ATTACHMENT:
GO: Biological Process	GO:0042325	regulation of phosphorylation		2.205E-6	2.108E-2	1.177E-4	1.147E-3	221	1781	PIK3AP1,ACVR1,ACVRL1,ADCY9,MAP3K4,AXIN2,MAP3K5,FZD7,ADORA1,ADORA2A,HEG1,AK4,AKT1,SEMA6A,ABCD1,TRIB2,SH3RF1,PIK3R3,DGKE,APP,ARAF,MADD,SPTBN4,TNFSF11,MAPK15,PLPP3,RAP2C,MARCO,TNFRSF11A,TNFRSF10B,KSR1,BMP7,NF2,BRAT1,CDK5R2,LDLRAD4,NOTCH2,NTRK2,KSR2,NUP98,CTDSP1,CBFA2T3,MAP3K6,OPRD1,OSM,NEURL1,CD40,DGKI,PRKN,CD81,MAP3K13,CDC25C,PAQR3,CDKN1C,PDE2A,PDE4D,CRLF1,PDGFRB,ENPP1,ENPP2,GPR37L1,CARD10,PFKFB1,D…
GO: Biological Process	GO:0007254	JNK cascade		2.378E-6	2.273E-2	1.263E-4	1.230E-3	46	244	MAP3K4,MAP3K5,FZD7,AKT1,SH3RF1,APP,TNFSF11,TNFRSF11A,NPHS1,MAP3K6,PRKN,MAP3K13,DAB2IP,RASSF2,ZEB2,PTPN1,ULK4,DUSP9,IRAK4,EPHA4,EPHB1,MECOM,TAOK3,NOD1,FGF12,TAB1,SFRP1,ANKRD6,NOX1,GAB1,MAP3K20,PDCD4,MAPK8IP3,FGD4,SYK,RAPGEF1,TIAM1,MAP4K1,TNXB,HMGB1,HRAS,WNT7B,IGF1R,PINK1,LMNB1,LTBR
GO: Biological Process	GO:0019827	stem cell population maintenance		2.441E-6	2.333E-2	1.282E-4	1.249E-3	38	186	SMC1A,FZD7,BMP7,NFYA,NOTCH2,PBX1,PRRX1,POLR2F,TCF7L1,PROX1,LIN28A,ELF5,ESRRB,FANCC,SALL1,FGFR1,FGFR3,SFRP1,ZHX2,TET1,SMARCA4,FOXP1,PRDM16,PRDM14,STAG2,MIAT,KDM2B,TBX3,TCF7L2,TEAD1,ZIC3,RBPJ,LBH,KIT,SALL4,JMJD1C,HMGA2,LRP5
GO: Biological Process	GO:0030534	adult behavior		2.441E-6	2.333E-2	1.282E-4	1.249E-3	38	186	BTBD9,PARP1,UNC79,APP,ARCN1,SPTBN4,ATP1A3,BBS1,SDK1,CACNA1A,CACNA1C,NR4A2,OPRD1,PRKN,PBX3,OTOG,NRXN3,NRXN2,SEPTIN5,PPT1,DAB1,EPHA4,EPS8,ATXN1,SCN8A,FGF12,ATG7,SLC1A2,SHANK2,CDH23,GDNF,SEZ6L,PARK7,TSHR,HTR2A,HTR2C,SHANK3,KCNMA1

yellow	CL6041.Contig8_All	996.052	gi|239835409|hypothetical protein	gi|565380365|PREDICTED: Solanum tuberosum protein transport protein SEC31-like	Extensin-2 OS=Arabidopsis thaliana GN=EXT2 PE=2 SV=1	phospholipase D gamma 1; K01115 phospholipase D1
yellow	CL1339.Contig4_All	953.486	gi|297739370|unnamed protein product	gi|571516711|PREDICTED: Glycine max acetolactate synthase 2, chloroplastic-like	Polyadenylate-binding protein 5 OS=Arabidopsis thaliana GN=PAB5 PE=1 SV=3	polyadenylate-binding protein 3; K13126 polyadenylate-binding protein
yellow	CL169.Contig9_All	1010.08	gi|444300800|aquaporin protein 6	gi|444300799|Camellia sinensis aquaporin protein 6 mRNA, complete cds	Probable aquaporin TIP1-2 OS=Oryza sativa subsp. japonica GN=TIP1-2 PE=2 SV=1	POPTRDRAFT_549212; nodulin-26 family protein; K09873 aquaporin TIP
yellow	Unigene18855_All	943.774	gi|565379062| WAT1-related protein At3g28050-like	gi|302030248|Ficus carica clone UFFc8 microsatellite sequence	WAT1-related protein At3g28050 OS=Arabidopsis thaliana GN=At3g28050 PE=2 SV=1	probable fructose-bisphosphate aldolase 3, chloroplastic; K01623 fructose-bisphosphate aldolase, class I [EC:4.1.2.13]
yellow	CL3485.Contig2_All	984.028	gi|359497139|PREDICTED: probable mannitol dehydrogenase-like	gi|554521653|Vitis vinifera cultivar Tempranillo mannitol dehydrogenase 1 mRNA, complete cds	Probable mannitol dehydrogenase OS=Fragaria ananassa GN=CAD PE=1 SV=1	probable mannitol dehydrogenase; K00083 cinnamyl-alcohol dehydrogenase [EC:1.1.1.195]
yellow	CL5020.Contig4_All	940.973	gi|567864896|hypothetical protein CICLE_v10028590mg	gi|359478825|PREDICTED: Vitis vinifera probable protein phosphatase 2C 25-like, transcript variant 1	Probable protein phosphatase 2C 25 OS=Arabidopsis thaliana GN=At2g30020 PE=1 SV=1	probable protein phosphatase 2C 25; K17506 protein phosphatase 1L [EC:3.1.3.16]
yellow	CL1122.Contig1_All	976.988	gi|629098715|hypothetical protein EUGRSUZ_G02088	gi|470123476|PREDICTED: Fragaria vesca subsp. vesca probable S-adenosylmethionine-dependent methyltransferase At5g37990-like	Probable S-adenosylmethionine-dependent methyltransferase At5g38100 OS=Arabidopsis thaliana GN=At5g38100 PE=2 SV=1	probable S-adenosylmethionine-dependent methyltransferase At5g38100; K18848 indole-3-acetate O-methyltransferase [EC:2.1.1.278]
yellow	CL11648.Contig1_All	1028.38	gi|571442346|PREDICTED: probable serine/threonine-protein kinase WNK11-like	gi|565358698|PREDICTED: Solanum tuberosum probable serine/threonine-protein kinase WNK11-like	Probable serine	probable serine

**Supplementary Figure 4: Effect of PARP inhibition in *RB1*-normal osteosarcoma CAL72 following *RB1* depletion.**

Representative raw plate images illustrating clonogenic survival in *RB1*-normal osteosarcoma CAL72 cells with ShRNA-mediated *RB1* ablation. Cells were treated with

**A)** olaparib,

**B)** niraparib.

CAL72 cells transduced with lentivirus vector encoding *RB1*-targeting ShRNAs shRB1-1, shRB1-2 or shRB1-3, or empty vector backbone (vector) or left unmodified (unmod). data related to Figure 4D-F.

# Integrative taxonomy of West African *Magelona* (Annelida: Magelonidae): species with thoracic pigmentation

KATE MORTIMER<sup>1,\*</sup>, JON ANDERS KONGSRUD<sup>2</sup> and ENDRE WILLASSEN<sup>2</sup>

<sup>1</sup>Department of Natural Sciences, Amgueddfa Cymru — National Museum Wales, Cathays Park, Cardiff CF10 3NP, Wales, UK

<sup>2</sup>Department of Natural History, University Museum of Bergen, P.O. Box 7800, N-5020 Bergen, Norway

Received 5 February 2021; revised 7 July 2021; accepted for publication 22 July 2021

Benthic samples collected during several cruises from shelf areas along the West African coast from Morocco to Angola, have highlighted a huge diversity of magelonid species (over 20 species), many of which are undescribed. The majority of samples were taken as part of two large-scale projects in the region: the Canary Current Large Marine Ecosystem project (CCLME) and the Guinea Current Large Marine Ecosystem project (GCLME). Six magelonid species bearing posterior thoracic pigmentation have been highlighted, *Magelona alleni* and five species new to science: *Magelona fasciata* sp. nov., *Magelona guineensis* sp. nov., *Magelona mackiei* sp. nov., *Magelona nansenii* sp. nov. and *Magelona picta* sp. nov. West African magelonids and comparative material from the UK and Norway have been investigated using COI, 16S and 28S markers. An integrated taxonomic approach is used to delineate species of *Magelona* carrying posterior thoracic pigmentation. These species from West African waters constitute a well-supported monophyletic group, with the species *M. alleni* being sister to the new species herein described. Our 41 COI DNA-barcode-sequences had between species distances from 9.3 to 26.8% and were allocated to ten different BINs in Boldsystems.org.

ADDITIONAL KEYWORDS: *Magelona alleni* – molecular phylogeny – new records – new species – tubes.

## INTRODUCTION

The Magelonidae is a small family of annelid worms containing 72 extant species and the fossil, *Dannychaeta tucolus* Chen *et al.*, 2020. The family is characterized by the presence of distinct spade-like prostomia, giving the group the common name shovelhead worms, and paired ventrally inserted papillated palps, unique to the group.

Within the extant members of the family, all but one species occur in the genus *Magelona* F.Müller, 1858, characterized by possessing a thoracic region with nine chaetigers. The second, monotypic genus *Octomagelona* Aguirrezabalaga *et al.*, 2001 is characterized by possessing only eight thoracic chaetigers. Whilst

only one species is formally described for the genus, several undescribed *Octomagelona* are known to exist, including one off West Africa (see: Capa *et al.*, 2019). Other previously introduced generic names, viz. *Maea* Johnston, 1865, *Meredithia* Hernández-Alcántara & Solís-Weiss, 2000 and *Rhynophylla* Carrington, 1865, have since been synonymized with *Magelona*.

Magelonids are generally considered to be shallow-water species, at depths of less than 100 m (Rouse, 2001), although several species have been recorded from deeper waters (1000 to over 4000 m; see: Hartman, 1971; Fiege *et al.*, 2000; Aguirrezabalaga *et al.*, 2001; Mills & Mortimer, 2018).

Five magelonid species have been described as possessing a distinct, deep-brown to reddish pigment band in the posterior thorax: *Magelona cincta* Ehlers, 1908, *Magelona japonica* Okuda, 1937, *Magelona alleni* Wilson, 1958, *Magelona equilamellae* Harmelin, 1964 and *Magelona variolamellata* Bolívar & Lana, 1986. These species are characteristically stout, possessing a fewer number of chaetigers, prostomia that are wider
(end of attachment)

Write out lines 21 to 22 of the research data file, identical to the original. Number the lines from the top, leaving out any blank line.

<sup>2</sup>Department of Natural History, University Museum of Bergen, P.O. Box 7800, N-5020 Bergen, Norway

Received 5 February 2021; revised 7 July 2021; accepted for publication 22 July 2021